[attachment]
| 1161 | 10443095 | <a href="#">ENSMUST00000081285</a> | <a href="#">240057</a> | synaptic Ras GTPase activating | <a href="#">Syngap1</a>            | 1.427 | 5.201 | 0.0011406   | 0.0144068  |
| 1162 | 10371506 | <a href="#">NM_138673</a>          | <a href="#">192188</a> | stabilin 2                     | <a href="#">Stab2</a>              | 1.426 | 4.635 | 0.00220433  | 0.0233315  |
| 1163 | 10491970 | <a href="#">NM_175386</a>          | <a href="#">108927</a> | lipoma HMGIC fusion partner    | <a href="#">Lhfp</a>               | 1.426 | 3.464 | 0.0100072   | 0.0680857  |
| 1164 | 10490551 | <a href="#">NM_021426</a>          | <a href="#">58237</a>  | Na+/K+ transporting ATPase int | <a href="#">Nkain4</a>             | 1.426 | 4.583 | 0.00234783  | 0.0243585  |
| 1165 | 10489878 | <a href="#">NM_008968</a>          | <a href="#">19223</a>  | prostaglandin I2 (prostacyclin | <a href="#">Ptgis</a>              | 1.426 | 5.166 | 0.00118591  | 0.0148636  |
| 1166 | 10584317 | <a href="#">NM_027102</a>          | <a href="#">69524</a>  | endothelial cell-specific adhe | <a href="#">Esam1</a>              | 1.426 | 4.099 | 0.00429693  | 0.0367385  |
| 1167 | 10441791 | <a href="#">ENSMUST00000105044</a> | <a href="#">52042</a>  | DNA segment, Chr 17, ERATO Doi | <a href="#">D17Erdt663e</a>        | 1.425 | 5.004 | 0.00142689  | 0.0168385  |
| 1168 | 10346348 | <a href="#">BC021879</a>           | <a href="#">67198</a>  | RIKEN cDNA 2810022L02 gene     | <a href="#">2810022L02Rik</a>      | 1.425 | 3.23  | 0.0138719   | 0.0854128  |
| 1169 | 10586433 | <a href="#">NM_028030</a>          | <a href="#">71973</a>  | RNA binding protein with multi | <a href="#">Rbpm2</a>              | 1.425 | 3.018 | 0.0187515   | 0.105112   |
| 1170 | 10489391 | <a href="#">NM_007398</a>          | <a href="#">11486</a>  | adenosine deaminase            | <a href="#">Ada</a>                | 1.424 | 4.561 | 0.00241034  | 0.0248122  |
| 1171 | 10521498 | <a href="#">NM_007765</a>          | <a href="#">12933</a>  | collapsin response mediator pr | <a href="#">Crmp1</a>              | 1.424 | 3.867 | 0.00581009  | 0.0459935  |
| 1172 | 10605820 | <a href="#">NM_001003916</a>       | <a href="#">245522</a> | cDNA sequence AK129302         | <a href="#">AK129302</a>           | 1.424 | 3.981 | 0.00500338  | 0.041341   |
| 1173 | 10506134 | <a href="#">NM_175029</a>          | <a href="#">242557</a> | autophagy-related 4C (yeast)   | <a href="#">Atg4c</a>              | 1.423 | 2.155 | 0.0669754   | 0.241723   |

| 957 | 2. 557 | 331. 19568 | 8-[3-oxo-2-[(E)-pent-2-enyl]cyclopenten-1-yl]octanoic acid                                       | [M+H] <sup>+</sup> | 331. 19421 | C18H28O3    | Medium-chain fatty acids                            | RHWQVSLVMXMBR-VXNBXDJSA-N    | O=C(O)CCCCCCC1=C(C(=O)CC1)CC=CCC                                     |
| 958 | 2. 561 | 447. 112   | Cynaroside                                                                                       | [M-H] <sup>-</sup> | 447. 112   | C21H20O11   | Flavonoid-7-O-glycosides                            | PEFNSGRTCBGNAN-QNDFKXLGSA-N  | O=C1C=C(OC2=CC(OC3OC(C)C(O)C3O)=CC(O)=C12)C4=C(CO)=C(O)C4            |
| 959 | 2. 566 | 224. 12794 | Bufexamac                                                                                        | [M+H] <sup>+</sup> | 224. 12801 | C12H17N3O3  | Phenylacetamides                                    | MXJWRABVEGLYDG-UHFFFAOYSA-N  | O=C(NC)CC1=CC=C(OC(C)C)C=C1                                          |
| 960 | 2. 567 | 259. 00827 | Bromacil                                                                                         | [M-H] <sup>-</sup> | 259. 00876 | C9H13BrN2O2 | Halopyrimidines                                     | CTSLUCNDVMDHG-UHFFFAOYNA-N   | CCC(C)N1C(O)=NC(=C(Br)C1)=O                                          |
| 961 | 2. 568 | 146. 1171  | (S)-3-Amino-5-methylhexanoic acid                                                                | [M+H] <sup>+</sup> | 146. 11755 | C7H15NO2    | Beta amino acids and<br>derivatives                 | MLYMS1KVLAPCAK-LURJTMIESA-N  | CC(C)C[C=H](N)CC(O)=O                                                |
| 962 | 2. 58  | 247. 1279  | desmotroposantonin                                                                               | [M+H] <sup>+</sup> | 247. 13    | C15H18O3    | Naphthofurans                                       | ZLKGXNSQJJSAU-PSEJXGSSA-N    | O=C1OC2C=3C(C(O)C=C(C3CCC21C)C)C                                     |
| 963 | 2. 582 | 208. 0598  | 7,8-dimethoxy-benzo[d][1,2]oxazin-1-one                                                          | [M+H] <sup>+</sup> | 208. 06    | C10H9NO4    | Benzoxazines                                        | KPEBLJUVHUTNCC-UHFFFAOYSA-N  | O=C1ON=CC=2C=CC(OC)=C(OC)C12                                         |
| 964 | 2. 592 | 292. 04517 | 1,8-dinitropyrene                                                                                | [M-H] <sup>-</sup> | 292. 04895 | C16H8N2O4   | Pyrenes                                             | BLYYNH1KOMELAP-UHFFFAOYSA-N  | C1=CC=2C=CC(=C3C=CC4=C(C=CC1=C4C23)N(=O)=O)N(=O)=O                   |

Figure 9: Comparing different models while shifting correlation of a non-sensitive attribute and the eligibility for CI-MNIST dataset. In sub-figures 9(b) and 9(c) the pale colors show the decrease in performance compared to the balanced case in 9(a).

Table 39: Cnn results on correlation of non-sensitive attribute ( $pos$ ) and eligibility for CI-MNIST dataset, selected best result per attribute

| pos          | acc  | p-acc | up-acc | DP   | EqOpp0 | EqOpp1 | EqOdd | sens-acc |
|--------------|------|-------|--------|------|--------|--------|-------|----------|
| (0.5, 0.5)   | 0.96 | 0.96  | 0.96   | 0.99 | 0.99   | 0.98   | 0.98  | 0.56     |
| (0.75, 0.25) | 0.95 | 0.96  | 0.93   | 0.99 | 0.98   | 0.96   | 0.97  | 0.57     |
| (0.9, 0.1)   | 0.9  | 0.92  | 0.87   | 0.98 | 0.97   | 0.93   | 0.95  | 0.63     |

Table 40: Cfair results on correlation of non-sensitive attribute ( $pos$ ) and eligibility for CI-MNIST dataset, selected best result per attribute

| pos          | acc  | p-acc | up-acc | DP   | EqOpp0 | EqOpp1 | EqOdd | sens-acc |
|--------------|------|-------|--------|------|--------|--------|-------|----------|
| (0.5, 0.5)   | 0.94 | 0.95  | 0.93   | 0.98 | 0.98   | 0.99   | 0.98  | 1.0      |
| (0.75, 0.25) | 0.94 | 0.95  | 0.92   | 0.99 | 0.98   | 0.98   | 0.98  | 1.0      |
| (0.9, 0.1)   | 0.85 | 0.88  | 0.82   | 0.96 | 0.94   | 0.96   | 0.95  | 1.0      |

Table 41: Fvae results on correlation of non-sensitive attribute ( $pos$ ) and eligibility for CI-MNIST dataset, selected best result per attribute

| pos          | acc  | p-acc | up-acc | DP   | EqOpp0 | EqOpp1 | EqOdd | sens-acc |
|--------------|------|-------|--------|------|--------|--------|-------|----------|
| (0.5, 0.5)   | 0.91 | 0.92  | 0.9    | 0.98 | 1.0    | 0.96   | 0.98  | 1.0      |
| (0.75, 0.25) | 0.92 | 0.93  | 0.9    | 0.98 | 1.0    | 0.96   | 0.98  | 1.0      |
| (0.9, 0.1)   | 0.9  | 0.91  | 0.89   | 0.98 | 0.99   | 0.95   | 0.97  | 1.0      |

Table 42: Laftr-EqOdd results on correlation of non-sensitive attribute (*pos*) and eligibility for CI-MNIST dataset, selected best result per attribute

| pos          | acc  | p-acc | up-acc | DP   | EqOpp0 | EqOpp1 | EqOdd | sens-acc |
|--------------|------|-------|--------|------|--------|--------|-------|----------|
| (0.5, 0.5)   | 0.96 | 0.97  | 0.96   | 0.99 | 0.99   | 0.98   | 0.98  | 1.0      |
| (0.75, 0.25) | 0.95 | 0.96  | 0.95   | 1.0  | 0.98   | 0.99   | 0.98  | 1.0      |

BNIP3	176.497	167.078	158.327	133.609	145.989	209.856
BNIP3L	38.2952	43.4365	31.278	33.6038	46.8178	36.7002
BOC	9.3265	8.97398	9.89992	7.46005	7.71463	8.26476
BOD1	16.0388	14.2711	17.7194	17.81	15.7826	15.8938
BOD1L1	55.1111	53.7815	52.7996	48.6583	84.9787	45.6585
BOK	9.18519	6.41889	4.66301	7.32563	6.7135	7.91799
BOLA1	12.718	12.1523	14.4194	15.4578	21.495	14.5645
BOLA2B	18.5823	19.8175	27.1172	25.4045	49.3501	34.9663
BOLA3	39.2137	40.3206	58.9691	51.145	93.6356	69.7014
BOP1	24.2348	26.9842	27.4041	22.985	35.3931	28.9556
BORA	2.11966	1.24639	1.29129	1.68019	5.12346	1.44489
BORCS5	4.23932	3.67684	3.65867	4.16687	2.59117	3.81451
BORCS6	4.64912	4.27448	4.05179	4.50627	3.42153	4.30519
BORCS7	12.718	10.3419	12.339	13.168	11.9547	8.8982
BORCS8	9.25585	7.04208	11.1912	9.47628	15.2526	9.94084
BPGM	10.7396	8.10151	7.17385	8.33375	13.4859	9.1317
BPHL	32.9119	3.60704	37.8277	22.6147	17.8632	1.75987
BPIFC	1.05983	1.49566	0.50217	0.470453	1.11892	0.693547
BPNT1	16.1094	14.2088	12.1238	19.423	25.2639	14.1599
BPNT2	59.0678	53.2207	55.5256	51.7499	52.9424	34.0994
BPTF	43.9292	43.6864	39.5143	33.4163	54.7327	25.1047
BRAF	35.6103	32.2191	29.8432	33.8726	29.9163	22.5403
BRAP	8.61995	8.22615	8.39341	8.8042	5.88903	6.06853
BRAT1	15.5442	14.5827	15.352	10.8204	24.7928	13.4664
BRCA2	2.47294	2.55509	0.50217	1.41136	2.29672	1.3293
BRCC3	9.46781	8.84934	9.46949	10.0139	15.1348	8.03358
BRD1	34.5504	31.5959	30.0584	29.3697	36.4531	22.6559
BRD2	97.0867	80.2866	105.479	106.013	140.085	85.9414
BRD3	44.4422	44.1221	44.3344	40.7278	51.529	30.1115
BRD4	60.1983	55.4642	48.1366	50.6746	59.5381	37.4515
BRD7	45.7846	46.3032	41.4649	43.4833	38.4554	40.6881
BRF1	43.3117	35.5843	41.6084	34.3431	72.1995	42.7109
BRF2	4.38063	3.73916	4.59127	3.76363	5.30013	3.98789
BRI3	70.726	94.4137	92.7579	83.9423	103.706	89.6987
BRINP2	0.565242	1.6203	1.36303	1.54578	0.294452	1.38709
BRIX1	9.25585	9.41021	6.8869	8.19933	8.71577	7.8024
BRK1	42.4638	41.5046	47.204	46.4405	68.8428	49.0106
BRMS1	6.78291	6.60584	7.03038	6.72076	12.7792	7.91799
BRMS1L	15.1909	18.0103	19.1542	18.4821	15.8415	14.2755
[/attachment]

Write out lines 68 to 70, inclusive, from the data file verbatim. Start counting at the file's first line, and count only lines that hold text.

BRAP	8.61995	8.22615	8.39341	8.8042	5.88903	6.06853
BRAT1	15.5442	14.5827	15.352	10.8204	24.7928	13.4664
BRCA2	2.47294	2.55509	0.50217	1.41136	2.29672	1.3293